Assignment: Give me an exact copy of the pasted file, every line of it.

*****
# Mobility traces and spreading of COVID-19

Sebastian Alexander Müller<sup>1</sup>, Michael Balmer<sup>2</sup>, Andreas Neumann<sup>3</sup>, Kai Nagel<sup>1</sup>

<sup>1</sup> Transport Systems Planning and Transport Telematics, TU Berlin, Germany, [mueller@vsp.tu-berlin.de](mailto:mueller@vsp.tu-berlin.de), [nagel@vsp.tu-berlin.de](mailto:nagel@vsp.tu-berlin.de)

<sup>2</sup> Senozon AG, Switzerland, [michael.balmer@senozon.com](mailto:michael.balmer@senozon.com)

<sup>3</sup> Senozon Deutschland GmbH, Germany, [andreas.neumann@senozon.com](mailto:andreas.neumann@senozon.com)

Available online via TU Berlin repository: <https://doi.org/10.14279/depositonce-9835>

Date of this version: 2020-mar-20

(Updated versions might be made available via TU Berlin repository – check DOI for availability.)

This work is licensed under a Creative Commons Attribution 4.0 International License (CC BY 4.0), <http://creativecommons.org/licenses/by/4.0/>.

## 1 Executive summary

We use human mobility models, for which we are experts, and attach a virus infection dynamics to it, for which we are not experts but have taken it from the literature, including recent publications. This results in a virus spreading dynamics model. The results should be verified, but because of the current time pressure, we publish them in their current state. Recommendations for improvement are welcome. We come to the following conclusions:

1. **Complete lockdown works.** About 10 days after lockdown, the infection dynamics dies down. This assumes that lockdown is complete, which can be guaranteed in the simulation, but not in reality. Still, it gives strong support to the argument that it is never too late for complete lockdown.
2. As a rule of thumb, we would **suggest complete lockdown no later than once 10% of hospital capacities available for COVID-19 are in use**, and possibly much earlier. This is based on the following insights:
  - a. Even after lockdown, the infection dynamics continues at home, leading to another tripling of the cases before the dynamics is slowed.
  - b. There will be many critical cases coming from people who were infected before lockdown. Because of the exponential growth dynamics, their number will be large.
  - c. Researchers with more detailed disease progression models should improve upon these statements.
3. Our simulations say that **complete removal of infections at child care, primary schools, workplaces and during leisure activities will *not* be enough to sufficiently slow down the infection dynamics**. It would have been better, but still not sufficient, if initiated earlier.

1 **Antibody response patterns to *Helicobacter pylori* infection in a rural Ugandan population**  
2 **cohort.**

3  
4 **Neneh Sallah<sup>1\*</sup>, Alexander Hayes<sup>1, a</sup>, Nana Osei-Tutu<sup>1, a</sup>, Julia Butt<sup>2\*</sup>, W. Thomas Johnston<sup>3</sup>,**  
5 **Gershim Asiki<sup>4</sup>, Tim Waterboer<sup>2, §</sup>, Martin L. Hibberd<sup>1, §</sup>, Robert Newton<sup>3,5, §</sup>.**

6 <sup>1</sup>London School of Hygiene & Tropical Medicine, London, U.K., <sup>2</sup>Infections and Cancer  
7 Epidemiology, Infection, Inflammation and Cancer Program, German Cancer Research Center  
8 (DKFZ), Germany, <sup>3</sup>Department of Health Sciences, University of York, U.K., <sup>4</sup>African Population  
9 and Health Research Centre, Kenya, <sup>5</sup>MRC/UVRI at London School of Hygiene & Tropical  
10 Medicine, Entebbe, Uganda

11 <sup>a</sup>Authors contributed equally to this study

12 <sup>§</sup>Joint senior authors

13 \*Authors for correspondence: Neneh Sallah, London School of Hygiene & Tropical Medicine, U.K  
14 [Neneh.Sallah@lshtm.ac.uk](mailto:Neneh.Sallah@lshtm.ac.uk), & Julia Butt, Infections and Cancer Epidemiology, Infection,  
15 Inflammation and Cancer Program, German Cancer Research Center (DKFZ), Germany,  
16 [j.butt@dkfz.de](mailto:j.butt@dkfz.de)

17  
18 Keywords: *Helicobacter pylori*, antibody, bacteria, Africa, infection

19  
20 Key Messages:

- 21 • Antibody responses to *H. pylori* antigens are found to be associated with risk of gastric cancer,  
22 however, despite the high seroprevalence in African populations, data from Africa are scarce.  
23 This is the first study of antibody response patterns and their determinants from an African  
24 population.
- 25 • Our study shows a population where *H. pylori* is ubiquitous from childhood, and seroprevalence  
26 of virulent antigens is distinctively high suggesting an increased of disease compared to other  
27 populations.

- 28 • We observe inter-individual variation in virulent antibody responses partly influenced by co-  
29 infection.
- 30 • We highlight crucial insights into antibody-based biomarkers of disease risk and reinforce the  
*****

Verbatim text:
# Mobility traces and spreading of COVID-19

Sebastian Alexander Müller<sup>1</sup>, Michael Balmer<sup>2</sup>, Andreas Neumann<sup>3</sup>, Kai Nagel<sup>1</sup>

<sup>1</sup> Transport Systems Planning and Transport Telematics, TU Berlin, Germany, [mueller@vsp.tu-berlin.de](mailto:mueller@vsp.tu-berlin.de), [nagel@vsp.tu-berlin.de](mailto:nagel@vsp.tu-berlin.de)

<sup>2</sup> Senozon AG, Switzerland, [michael.balmer@senozon.com](mailto:michael.balmer@senozon.com)

<sup>3</sup> Senozon Deutschland GmbH, Germany, [andreas.neumann@senozon.com](mailto:andreas.neumann@senozon.com)

Available online via TU Berlin repository: <https://doi.org/10.14279/depositonce-9835>

Date of this version: 2020-mar-20

(Updated versions might be made available via TU Berlin repository – check DOI for availability.)

This work is licensed under a Creative Commons Attribution 4.0 International License (CC BY 4.0), <http://creativecommons.org/licenses/by/4.0/>.

## 1 Executive summary

We use human mobility models, for which we are experts, and attach a virus infection dynamics to it, for which we are not experts but have taken it from the literature, including recent publications. This results in a virus spreading dynamics model. The results should be verified, but because of the current time pressure, we publish them in their current state. Recommendations for improvement are welcome. We come to the following conclusions:

1. **Complete lockdown works.** About 10 days after lockdown, the infection dynamics dies down. This assumes that lockdown is complete, which can be guaranteed in the simulation, but not in reality. Still, it gives strong support to the argument that it is never too late for complete lockdown.
2. As a rule of thumb, we would **suggest complete lockdown no later than once 10% of hospital capacities available for COVID-19 are in use**, and possibly much earlier. This is based on the following insights:
  - a. Even after lockdown, the infection dynamics continues at home, leading to another tripling of the cases before the dynamics is slowed.
  - b. There will be many critical cases coming from people who were infected before lockdown. Because of the exponential growth dynamics, their number will be large.
  - c. Researchers with more detailed disease progression models should improve upon these statements.
3. Our simulations say that **complete removal of infections at child care, primary schools, workplaces and during leisure activities will *not* be enough to sufficiently slow down the infection dynamics**. It would have been better, but still not sufficient, if initiated earlier.

1 **Antibody response patterns to *Helicobacter pylori* infection in a rural Ugandan population**  
2 **cohort.**

3  
4 **Neneh Sallah<sup>1\*</sup>, Alexander Hayes<sup>1, a</sup>, Nana Osei-Tutu<sup>1, a</sup>, Julia Butt<sup>2\*</sup>, W. Thomas Johnston<sup>3</sup>,**  
5 **Gershim Asiki<sup>4</sup>, Tim Waterboer<sup>2, §</sup>, Martin L. Hibberd<sup>1, §</sup>, Robert Newton<sup>3,5, §</sup>.**

6 <sup>1</sup>London School of Hygiene & Tropical Medicine, London, U.K., <sup>2</sup>Infections and Cancer  
7 Epidemiology, Infection, Inflammation and Cancer Program, German Cancer Research Center  
8 (DKFZ), Germany, <sup>3</sup>Department of Health Sciences, University of York, U.K., <sup>4</sup>African Population  
9 and Health Research Centre, Kenya, <sup>5</sup>MRC/UVRI at London School of Hygiene & Tropical  
10 Medicine, Entebbe, Uganda

11 <sup>a</sup>Authors contributed equally to this study

12 <sup>§</sup>Joint senior authors

13 \*Authors for correspondence: Neneh Sallah, London School of Hygiene & Tropical Medicine, U.K  
14 [Neneh.Sallah@lshtm.ac.uk](mailto:Neneh.Sallah@lshtm.ac.uk), & Julia Butt, Infections and Cancer Epidemiology, Infection,  
15 Inflammation and Cancer Program, German Cancer Research Center (DKFZ), Germany,  
16 [j.butt@dkfz.de](mailto:j.butt@dkfz.de)

17  
18 Keywords: *Helicobacter pylori*, antibody, bacteria, Africa, infection

19  
20 Key Messages:

- 21 • Antibody responses to *H. pylori* antigens are found to be associated with risk of gastric cancer,  
22 however, despite the high seroprevalence in African populations, data from Africa are scarce.  
23 This is the first study of antibody response patterns and their determinants from an African  
24 population.
- 25 • Our study shows a population where *H. pylori* is ubiquitous from childhood, and seroprevalence  
26 of virulent antigens is distinctively high suggesting an increased of disease compared to other  
27 populations.

- 28 • We observe inter-individual variation in virulent antibody responses partly influenced by co-  
29 infection.
- 30 • We highlight crucial insights into antibody-based biomarkers of disease risk and reinforce the  